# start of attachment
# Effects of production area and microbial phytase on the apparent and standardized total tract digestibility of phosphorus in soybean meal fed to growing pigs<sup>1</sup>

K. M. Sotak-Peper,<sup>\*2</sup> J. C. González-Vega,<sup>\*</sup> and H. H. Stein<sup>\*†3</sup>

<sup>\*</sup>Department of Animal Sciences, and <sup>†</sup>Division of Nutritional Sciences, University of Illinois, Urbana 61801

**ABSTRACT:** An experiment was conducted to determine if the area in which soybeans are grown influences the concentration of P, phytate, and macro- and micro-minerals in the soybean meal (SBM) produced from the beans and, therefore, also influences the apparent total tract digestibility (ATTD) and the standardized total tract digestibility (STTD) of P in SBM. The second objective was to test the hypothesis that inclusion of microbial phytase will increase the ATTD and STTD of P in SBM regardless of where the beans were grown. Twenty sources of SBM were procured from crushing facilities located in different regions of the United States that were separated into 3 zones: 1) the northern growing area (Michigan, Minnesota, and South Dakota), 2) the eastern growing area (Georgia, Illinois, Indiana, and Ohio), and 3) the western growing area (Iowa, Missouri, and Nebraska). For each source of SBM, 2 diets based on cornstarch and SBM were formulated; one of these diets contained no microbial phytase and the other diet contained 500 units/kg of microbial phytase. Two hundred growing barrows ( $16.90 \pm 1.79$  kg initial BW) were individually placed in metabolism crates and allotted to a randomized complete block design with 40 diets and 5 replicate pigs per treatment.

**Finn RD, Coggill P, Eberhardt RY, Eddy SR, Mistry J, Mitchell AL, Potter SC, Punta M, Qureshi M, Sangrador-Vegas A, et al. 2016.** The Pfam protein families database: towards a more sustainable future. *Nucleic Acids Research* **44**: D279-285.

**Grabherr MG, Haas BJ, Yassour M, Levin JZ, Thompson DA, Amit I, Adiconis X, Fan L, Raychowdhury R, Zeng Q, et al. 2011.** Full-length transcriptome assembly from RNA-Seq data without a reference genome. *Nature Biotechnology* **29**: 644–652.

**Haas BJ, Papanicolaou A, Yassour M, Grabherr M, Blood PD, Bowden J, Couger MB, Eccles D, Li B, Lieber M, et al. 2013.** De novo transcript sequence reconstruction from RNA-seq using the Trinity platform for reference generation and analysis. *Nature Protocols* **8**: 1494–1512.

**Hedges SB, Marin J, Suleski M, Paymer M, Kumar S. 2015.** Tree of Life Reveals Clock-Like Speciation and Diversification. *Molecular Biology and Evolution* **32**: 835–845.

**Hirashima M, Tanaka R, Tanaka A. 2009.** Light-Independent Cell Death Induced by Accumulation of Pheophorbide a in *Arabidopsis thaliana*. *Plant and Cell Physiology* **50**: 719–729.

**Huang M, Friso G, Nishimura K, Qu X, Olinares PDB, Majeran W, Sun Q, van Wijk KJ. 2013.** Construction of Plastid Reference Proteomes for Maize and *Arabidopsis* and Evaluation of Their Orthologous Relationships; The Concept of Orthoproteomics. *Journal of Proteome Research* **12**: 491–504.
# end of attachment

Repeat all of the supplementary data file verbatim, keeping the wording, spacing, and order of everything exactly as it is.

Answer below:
# Effects of production area and microbial phytase on the apparent and standardized total tract digestibility of phosphorus in soybean meal fed to growing pigs<sup>1</sup>

K. M. Sotak-Peper,<sup>\*2</sup> J. C. González-Vega,<sup>\*</sup> and H. H. Stein<sup>\*†3</sup>

<sup>\*</sup>Department of Animal Sciences, and <sup>†</sup>Division of Nutritional Sciences, University of Illinois, Urbana 61801

**ABSTRACT:** An experiment was conducted to determine if the area in which soybeans are grown influences the concentration of P, phytate, and macro- and micro-minerals in the soybean meal (SBM) produced from the beans and, therefore, also influences the apparent total tract digestibility (ATTD) and the standardized total tract digestibility (STTD) of P in SBM. The second objective was to test the hypothesis that inclusion of microbial phytase will increase the ATTD and STTD of P in SBM regardless of where the beans were grown. Twenty sources of SBM were procured from crushing facilities located in different regions of the United States that were separated into 3 zones: 1) the northern growing area (Michigan, Minnesota, and South Dakota), 2) the eastern growing area (Georgia, Illinois, Indiana, and Ohio), and 3) the western growing area (Iowa, Missouri, and Nebraska). For each source of SBM, 2 diets based on cornstarch and SBM were formulated; one of these diets contained no microbial phytase and the other diet contained 500 units/kg of microbial phytase. Two hundred growing barrows ( $16.90 \pm 1.79$  kg initial BW) were individually placed in metabolism crates and allotted to a randomized complete block design with 40 diets and 5 replicate pigs per treatment.

**Finn RD, Coggill P, Eberhardt RY, Eddy SR, Mistry J, Mitchell AL, Potter SC, Punta M, Qureshi M, Sangrador-Vegas A, et al. 2016.** The Pfam protein families database: towards a more sustainable future. *Nucleic Acids Research* **44**: D279-285.

**Grabherr MG, Haas BJ, Yassour M, Levin JZ, Thompson DA, Amit I, Adiconis X, Fan L, Raychowdhury R, Zeng Q, et al. 2011.** Full-length transcriptome assembly from RNA-Seq data without a reference genome. *Nature Biotechnology* **29**: 644–652.

**Haas BJ, Papanicolaou A, Yassour M, Grabherr M, Blood PD, Bowden J, Couger MB, Eccles D, Li B, Lieber M, et al. 2013.** De novo transcript sequence reconstruction from RNA-seq using the Trinity platform for reference generation and analysis. *Nature Protocols* **8**: 1494–1512.

**Hedges SB, Marin J, Suleski M, Paymer M, Kumar S. 2015.** Tree of Life Reveals Clock-Like Speciation and Diversification. *Molecular Biology and Evolution* **32**: 835–845.

**Hirashima M, Tanaka R, Tanaka A. 2009.** Light-Independent Cell Death Induced by Accumulation of Pheophorbide a in *Arabidopsis thaliana*. *Plant and Cell Physiology* **50**: 719–729.

**Huang M, Friso G, Nishimura K, Qu X, Olinares PDB, Majeran W, Sun Q, van Wijk KJ. 2013.** Construction of Plastid Reference Proteomes for Maize and *Arabidopsis* and Evaluation of Their Orthologous Relationships; The Concept of Orthoproteomics. *Journal of Proteome Research* **12**: 491–504.